Nanook of the North (1922). Produced and directed by Robert J. Flaherty, for Revillon Freres. Editing and Titles by Carl Stearns Clancy.
Nanook begins in the old “scenes-around-the-trading-post” manner, and many of its later sequences of hunting, fishing and igloo-building are familiar travelogue material. But soon it is clear that both the approach and the presentation are new. The director’s interest is no longer in the way the Eskimos looked, but in how they lived. That life, as Flaherty had seen it, consisted of an unremitting struggle against hunger and cold. Therefore he stresses those incidents with illustrate the struggle; as the film progresses, every scene is conflict–between Nanook and the walrus, Nanook and the seal, and finally, in the summatory coda which concludes the film, Nanook and the North. Second only to this factor of dramatic selection in giving Nanook its emotional appeal is the insight with which Flaherty reveals the behavior of an Eskimo family. In his definitive article, Flaherty (Cinema Quarterly, Autumn 1932) John Grierson says: “The revelation of feelings, as I gathered it, was seldom, if ever, achieved by the staging of expressions. The camera was used much more intimately than usual, in the sense that it attended on action rather than had action presented to it. Flaherty spoke almost mystically of the camera’s capacity for seeing beyond mortal eye to the inner qualities of things. With Fairbanks, he agrees that children and animals are the finest of all movie actors because they are spontaneous, but talks also of the movements in peasants and craftsmen and hunters and priests as having a special magic on the screen because time or tradition has worn them smooth. He might also add–though he would not–that his own capacity for moving the camera in appreciation of these movements is an essential part of the magic. No man of cameras, to my knowledge, ca pan so curiously, or so bewilderingly anticipate a fine gesture or expression”. These qualities made an immediate impact on film audiences: Nanook was not only popular throughout the world, but acclaimed as a new and memorable kind of experience–education become drama, reality made as imaginative as fiction. “Flaherty’s screen is not a stage to which the ation of a story is brought, but rather a magical opening in the theatre wall, through which one may look out to the wide world” (Grierson). Everyone wanted to see more of the world through this magical window, and soon Flaherty was sent by a Hollywood studio to Samoa to film “another Nanook“.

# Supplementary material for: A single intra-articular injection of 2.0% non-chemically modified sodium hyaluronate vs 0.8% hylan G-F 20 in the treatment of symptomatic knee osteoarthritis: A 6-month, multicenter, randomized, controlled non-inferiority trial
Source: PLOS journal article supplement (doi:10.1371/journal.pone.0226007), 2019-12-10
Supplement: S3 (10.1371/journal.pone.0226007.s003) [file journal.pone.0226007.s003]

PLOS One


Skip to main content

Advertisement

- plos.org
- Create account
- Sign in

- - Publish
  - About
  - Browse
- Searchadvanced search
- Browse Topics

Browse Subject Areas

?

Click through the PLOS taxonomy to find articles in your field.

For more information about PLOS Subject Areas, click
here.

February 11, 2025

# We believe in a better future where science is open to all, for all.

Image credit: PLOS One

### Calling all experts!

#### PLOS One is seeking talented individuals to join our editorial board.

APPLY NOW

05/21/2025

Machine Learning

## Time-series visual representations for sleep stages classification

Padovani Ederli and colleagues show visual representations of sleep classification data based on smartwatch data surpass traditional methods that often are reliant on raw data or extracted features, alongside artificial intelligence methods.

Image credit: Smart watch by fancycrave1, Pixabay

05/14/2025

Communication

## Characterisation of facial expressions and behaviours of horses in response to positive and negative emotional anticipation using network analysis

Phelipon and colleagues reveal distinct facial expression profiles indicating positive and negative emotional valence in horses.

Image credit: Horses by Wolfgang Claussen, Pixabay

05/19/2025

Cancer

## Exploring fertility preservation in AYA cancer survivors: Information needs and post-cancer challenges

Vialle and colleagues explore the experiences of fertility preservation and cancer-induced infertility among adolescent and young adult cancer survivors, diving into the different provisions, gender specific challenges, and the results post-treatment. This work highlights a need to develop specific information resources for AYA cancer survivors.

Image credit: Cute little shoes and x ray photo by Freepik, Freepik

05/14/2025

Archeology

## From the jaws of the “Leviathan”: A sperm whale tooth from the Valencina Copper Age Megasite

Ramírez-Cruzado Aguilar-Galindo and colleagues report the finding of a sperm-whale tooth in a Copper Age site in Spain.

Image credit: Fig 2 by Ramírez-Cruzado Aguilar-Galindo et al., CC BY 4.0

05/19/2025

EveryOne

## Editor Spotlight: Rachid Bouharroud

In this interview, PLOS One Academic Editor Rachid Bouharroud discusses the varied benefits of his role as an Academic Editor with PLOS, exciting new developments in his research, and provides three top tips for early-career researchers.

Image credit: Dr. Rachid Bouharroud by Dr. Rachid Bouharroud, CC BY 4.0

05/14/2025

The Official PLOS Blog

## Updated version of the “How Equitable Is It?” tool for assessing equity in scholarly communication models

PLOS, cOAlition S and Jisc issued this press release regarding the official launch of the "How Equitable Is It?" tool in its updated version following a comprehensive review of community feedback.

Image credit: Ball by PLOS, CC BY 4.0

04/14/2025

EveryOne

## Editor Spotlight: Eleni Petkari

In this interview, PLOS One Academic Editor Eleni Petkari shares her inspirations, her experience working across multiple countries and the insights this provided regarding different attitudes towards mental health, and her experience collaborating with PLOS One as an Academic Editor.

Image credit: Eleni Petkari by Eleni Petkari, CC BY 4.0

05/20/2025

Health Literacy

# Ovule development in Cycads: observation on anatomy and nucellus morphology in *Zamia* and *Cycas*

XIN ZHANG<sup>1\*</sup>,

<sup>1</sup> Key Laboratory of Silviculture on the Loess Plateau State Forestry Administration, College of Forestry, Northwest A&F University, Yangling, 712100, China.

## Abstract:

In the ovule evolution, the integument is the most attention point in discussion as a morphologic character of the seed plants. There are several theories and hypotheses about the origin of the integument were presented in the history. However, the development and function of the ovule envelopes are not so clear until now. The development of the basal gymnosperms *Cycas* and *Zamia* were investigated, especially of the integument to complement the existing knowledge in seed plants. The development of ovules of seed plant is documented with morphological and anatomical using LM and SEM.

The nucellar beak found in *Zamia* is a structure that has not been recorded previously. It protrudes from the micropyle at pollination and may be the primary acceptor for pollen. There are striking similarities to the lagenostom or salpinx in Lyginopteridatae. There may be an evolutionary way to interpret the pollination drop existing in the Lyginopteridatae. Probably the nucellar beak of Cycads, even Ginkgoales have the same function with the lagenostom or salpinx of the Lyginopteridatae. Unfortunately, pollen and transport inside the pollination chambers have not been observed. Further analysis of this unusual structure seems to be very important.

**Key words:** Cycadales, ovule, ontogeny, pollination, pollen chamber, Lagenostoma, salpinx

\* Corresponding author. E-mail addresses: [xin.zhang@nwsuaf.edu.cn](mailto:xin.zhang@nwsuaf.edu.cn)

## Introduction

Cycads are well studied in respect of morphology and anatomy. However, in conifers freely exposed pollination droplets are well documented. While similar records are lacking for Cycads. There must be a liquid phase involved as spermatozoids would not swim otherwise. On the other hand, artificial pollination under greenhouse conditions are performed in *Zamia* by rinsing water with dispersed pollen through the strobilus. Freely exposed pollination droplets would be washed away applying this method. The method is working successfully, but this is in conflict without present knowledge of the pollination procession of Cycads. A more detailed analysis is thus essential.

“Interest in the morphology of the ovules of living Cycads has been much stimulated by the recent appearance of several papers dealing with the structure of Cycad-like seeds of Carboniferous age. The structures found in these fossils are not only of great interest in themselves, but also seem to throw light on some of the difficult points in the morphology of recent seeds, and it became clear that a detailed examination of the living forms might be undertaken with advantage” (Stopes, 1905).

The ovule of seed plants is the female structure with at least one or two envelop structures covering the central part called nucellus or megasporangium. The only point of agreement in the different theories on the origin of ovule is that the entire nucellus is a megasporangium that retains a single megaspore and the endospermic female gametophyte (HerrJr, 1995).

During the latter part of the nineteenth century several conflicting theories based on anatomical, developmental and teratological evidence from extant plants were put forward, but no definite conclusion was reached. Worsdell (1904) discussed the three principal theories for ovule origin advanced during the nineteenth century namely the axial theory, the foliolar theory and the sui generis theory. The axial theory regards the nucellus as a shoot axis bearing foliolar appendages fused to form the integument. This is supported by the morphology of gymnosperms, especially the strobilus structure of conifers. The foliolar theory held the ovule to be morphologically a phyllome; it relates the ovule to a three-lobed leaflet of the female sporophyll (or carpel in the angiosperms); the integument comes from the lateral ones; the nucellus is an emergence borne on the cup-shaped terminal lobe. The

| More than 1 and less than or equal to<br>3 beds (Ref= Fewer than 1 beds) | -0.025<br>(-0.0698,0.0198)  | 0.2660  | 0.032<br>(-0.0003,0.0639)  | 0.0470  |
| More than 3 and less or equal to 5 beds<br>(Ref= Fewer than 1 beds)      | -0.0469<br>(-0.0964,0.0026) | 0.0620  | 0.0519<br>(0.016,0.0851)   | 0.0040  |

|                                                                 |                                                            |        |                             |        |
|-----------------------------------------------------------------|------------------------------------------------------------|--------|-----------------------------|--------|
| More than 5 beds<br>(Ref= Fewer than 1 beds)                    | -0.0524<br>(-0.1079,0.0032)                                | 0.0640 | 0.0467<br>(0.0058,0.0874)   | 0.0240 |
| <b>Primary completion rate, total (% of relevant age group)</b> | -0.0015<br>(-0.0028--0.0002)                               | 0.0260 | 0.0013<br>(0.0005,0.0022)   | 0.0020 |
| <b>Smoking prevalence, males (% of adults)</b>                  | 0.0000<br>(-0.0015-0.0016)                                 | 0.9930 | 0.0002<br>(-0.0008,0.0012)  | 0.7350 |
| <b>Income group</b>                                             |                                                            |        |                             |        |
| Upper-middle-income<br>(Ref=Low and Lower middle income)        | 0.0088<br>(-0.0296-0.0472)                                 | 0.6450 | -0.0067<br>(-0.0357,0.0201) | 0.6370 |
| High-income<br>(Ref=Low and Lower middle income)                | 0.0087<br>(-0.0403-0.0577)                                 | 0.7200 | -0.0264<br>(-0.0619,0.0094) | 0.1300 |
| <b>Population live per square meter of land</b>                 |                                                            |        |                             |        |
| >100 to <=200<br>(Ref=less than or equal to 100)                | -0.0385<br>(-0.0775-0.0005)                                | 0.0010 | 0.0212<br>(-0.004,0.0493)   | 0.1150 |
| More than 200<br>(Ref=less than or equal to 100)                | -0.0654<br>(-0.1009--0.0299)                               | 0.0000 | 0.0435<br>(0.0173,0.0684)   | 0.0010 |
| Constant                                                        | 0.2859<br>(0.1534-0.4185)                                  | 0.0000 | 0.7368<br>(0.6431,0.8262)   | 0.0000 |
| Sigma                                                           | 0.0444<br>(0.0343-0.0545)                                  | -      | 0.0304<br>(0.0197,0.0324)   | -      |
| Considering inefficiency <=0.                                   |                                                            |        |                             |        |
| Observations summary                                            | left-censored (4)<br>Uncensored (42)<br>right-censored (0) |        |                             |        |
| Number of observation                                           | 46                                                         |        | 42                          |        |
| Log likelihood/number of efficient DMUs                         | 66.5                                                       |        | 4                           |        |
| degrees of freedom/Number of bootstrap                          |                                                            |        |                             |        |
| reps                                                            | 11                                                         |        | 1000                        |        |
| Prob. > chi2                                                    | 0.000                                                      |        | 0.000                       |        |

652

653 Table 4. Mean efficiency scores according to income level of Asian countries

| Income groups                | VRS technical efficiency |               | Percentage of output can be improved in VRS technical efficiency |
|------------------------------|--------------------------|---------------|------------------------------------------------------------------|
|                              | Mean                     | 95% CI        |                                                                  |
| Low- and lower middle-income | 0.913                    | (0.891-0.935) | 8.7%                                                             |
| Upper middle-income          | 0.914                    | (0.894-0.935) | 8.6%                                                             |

Notes by George G. Patterson